Since the 1990s, the sociology of rationing has developed in explicit opposition to health economic and bioethical approaches to healthcare rationing. This implies a limited engagement with other disciplines and a limited impact on political debates. To bring the sociology of rationing into an interdisciplinary dialogue, it is important to understand the disciplines' analytical differences and similarities. Based on a critical interpretive literature synthesis, this article examines four disciplinary perspectives on healthcare rationing and priority setting: (1) Health economics, which seeks to develop decision models to provide for more rational resource allocation; (2) Bioethics, which seeks to develop normative principles and procedures to facilitate a just allocation of resources; (3) Health policy studies, which focus on issues of legitimacy and implementation of decision models; and lastly (4) Sociology, which analyses the uncertainty of rationing and the resulting value conflicts and negotiations. The article provides an analytical overview and suggestions on how to advance the impact of sociological arguments in future rationing debates: Firstly, we discuss how to develop the concepts and assumptions of the sociology of rationing. Secondly, we identify specific themes relevant for sociological inquiry, including the recurring problem of how to translate administrative priority setting decisions into clinical practice.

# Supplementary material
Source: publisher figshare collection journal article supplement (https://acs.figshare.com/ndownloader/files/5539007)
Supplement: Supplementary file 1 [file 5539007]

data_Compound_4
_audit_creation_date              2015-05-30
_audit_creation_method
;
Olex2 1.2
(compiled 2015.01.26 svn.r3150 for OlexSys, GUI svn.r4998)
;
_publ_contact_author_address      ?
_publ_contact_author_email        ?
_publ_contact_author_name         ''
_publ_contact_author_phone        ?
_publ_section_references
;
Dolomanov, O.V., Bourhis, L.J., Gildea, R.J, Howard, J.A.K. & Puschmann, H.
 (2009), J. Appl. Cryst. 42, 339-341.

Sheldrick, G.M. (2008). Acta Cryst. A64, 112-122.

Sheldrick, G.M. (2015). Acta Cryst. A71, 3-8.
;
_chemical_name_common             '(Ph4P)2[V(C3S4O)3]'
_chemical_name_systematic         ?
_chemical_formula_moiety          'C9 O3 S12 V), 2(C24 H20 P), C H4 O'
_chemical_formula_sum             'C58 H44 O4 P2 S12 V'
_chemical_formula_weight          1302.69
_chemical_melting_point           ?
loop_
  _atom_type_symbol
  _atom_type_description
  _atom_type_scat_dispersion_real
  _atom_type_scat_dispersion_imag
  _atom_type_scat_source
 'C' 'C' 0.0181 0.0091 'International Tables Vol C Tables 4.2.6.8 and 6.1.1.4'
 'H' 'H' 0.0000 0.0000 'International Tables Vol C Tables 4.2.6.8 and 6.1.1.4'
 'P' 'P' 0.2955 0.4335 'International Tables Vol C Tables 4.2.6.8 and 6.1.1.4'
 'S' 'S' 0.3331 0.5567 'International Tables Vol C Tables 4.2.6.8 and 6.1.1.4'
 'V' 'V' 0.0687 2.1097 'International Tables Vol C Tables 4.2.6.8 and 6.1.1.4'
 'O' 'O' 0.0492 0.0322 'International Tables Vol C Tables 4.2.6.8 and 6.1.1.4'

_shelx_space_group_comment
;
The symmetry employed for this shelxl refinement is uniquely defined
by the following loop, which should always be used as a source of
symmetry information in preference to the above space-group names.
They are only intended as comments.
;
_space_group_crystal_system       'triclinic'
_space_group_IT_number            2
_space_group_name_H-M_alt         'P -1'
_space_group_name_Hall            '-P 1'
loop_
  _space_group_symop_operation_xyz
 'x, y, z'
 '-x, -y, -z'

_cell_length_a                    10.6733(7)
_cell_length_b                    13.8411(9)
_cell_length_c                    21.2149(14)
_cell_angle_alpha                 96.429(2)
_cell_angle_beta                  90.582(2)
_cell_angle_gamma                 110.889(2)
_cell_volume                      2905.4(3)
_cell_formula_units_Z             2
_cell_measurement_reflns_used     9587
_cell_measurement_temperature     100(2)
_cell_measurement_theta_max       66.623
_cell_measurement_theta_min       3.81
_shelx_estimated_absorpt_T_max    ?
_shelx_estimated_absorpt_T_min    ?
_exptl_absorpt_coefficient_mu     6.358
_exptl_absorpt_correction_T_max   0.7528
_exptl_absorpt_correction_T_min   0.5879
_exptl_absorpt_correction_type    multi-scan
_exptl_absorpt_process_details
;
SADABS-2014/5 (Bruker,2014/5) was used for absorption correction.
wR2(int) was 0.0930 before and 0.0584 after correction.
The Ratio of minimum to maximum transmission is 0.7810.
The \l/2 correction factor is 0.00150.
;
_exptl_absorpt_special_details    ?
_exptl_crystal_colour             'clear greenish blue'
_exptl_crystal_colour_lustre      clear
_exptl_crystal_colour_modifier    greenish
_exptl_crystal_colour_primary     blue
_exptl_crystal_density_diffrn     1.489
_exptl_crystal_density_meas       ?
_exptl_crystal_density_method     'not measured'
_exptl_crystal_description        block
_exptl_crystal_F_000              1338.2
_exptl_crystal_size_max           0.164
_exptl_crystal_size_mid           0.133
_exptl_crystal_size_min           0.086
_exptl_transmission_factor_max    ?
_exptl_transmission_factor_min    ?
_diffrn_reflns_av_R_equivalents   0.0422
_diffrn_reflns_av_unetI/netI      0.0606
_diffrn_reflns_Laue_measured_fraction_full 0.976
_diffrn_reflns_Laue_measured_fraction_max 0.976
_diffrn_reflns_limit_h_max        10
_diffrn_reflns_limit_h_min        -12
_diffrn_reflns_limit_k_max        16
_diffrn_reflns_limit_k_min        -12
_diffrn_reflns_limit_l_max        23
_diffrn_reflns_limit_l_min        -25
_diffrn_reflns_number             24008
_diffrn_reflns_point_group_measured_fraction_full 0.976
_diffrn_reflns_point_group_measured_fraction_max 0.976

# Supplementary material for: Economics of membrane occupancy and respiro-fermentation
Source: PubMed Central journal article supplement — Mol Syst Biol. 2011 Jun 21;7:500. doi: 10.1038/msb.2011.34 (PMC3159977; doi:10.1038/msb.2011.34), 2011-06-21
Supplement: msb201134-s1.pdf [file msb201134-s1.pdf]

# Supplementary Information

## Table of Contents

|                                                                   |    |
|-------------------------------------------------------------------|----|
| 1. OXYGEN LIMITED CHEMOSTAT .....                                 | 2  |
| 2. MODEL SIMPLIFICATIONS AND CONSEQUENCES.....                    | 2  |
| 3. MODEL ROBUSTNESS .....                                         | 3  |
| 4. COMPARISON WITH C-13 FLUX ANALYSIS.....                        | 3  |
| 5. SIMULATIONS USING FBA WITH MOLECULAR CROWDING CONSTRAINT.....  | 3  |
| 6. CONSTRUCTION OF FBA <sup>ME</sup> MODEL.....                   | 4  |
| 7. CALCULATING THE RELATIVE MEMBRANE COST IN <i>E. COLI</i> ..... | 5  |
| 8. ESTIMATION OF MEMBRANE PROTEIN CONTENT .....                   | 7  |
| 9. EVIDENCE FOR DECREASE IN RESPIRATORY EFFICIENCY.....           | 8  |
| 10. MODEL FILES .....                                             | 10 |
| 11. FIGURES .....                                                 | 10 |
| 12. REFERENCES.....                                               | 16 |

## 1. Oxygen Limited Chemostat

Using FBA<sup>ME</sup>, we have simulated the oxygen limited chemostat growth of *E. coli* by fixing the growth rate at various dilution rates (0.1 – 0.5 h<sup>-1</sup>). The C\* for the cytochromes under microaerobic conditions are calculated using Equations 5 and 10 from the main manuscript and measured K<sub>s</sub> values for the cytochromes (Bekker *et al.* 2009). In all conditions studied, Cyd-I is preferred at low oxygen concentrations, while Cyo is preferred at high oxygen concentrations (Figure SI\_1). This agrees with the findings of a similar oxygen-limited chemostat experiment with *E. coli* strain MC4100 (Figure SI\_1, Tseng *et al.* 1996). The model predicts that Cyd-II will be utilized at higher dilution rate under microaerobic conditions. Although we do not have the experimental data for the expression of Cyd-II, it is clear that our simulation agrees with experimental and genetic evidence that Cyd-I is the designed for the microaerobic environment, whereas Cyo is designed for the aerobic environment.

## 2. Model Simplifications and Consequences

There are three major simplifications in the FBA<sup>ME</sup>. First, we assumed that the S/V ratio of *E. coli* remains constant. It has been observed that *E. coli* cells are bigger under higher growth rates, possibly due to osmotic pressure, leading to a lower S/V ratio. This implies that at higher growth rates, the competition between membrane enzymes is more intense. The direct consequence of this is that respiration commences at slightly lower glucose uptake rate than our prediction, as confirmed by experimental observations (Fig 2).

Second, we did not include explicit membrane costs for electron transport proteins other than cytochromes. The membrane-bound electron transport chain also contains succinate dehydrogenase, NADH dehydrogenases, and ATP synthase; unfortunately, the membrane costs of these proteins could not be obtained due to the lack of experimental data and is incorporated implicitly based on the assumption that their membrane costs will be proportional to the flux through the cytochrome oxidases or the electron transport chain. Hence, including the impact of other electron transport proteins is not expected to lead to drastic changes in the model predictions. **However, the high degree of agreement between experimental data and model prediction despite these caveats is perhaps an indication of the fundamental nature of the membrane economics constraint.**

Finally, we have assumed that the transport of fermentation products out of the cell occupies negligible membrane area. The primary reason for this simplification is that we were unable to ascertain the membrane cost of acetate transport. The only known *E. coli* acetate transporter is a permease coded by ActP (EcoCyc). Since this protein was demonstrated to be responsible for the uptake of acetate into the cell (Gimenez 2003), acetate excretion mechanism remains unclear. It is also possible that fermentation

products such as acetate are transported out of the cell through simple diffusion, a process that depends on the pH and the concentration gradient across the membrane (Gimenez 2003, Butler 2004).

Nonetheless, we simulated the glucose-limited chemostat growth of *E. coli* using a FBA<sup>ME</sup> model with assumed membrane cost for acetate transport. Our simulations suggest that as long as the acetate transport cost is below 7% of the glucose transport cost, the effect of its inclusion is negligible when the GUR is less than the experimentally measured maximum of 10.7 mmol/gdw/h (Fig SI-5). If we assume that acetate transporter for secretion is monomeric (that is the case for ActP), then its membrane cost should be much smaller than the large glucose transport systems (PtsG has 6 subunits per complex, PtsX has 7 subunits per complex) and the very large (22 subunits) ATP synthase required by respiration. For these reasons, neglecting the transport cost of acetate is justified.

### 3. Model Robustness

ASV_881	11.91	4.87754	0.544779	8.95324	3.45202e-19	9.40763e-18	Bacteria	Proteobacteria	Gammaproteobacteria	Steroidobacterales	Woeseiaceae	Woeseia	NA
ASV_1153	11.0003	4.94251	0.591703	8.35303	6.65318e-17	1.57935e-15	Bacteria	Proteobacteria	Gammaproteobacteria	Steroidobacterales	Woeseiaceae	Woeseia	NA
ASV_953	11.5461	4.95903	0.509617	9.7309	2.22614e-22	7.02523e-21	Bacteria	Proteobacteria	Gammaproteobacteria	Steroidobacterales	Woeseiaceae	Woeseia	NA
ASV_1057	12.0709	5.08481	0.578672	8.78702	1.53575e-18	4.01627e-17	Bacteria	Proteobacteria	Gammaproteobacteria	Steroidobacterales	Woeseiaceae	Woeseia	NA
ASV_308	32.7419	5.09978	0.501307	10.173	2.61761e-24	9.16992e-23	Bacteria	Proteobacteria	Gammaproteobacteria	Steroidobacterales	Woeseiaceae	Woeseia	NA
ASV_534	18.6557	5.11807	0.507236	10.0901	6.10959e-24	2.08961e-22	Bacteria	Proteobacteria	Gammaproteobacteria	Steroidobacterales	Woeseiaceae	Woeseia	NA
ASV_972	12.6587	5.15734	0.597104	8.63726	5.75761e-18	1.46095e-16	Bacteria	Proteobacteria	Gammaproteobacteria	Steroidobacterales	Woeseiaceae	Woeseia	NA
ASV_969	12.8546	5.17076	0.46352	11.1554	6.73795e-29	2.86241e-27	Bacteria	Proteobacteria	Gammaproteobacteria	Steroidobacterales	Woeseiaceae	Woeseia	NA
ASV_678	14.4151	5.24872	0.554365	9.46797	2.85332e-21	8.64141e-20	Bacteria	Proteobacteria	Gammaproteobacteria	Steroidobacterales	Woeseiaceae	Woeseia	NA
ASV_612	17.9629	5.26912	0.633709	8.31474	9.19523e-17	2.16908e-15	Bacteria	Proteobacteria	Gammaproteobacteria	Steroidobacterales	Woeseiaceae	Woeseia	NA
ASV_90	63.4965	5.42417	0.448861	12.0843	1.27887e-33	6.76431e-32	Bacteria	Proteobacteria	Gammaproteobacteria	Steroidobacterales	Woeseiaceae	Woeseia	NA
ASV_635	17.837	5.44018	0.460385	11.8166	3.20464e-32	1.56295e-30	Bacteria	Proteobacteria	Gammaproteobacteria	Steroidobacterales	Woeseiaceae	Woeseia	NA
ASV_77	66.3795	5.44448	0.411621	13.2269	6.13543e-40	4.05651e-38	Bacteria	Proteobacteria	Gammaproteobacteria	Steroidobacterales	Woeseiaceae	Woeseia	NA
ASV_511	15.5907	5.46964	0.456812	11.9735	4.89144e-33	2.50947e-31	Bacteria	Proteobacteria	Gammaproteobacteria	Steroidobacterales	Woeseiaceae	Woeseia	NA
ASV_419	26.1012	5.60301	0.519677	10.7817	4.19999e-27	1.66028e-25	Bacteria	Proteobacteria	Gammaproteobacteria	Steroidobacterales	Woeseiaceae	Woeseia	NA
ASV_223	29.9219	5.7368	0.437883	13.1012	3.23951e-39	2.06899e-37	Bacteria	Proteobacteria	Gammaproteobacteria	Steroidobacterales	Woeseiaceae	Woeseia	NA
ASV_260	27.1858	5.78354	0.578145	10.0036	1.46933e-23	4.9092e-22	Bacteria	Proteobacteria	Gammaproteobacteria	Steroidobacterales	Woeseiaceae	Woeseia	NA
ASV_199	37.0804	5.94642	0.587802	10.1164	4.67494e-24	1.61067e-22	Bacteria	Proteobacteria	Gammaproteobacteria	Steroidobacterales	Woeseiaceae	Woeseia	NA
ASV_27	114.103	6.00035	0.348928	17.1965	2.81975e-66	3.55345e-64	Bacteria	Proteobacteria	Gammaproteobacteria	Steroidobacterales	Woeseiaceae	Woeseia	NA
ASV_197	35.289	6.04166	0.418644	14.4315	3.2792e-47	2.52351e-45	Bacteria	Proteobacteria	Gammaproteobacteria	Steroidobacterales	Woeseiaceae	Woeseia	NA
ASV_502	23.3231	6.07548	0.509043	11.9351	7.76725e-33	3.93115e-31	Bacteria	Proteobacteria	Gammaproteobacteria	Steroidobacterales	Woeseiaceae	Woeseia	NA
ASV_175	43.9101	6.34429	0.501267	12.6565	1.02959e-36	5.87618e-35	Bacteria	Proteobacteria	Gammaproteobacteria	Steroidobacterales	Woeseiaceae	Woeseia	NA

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Published inSociology of Health and Illness